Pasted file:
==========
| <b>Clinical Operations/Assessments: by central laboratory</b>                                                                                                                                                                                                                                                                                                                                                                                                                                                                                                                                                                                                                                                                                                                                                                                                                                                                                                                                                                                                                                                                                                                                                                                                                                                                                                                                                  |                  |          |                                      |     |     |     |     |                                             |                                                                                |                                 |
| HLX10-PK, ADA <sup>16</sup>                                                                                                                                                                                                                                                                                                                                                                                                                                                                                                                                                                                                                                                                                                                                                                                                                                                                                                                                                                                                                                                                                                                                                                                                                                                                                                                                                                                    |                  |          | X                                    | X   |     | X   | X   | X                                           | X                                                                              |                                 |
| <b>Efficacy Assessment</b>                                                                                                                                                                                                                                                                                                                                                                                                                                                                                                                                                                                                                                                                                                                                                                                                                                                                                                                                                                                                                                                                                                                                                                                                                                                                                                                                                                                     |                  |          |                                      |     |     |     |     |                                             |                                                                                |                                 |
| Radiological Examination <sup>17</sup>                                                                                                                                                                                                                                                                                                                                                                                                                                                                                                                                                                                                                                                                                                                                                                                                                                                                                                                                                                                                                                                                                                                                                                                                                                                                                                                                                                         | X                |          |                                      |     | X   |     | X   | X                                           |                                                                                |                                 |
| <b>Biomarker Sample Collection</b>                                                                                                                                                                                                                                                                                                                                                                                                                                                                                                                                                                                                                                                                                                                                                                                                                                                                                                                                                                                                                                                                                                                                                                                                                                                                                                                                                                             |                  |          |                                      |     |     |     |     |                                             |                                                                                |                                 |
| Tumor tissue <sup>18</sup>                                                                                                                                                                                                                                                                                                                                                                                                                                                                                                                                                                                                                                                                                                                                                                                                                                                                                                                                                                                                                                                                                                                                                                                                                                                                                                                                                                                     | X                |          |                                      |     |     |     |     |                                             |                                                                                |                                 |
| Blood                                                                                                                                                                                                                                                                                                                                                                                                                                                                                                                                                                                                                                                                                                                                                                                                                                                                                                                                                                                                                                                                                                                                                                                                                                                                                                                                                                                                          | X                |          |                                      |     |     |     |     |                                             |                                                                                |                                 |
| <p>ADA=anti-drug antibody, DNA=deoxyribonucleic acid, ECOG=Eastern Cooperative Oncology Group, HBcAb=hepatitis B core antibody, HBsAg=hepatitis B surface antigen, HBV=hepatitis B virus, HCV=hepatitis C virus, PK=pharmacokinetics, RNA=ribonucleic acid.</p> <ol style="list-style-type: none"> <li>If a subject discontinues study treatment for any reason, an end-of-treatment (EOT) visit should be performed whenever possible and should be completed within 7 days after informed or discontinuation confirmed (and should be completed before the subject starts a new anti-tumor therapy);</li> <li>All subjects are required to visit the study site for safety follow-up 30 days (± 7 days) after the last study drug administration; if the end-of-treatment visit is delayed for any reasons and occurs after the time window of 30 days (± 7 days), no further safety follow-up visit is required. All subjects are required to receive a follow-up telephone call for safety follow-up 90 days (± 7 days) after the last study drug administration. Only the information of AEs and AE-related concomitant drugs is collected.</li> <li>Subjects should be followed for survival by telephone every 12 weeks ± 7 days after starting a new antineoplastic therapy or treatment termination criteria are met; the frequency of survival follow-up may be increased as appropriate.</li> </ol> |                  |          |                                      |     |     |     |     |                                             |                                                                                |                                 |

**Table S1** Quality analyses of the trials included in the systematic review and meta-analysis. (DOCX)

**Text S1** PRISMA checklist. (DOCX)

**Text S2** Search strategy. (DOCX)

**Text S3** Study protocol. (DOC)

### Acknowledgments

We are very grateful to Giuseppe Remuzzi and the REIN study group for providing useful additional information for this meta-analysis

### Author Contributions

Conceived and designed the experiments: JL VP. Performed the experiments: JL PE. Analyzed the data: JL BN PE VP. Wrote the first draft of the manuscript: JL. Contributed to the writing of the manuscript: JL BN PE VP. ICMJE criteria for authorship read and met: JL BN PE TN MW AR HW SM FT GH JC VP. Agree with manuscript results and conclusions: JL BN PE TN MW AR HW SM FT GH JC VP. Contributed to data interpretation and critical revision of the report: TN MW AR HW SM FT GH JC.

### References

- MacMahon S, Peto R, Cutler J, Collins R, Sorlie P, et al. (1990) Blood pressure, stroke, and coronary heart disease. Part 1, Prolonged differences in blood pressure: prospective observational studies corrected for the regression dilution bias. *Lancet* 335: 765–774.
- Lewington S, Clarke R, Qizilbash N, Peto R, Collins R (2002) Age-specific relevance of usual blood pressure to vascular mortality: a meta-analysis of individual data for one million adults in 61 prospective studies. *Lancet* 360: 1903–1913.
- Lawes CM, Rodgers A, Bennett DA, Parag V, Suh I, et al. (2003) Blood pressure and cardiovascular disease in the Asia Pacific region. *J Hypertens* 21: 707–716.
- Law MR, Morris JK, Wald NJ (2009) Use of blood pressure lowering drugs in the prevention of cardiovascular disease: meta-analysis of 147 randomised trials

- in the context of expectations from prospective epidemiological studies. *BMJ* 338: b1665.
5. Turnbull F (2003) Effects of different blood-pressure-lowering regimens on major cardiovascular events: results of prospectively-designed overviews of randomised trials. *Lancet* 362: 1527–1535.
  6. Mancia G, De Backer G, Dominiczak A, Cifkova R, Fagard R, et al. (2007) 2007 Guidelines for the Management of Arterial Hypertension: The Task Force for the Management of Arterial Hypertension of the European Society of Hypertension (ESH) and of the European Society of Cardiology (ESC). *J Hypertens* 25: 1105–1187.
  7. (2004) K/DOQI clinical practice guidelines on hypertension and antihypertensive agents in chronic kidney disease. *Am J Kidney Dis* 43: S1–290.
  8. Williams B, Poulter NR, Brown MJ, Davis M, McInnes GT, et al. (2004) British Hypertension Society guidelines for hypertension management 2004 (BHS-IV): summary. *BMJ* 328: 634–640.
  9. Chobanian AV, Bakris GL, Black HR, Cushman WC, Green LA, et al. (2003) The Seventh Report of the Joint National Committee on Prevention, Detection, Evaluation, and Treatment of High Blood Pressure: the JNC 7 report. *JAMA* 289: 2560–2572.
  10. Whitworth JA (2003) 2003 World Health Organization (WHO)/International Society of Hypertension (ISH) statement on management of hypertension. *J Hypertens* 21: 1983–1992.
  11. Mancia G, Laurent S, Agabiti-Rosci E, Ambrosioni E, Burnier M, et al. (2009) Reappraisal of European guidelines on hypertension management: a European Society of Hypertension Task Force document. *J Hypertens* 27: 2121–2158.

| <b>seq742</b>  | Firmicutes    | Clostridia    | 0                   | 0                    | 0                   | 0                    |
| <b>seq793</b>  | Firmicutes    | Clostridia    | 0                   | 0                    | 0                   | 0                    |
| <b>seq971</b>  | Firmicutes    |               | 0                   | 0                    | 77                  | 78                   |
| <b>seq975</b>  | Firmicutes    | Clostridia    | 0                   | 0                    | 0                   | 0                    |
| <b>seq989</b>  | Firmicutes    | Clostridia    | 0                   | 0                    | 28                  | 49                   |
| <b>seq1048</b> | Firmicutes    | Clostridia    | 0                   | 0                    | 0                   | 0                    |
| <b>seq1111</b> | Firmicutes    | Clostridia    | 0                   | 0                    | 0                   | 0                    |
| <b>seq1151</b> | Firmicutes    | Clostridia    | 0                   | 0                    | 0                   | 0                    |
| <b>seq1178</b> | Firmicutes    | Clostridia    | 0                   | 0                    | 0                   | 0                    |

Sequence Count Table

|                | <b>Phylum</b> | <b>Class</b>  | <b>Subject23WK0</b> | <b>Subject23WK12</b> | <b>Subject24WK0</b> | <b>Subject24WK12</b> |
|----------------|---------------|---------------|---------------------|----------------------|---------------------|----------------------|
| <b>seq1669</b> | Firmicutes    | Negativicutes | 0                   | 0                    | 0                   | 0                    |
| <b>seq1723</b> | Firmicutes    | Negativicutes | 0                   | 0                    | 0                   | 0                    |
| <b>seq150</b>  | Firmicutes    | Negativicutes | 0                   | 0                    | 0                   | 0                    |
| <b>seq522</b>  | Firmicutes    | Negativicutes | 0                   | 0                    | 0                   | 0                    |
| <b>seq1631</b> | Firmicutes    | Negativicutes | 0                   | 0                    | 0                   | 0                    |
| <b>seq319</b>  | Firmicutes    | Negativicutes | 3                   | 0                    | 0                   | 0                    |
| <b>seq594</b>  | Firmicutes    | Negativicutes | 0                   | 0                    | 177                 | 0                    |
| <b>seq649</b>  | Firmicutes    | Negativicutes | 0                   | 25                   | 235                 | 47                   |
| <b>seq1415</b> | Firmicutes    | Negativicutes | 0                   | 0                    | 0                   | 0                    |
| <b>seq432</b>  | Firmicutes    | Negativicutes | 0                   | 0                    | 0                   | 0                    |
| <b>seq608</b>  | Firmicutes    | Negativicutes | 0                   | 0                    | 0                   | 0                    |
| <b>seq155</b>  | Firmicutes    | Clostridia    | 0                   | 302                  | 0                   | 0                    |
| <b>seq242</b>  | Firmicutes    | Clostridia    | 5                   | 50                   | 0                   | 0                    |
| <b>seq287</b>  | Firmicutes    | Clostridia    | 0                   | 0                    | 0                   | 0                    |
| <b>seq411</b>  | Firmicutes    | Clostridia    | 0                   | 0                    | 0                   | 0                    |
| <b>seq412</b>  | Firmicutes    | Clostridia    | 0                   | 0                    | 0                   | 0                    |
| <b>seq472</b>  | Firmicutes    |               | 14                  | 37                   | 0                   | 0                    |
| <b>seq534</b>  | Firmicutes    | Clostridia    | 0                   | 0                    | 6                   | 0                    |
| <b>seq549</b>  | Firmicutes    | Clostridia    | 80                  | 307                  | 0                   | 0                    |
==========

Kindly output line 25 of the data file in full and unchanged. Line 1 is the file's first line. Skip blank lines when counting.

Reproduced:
  7. (2004) K/DOQI clinical practice guidelines on hypertension and antihypertensive agents in chronic kidney disease. *Am J Kidney Dis* 43: S1–290.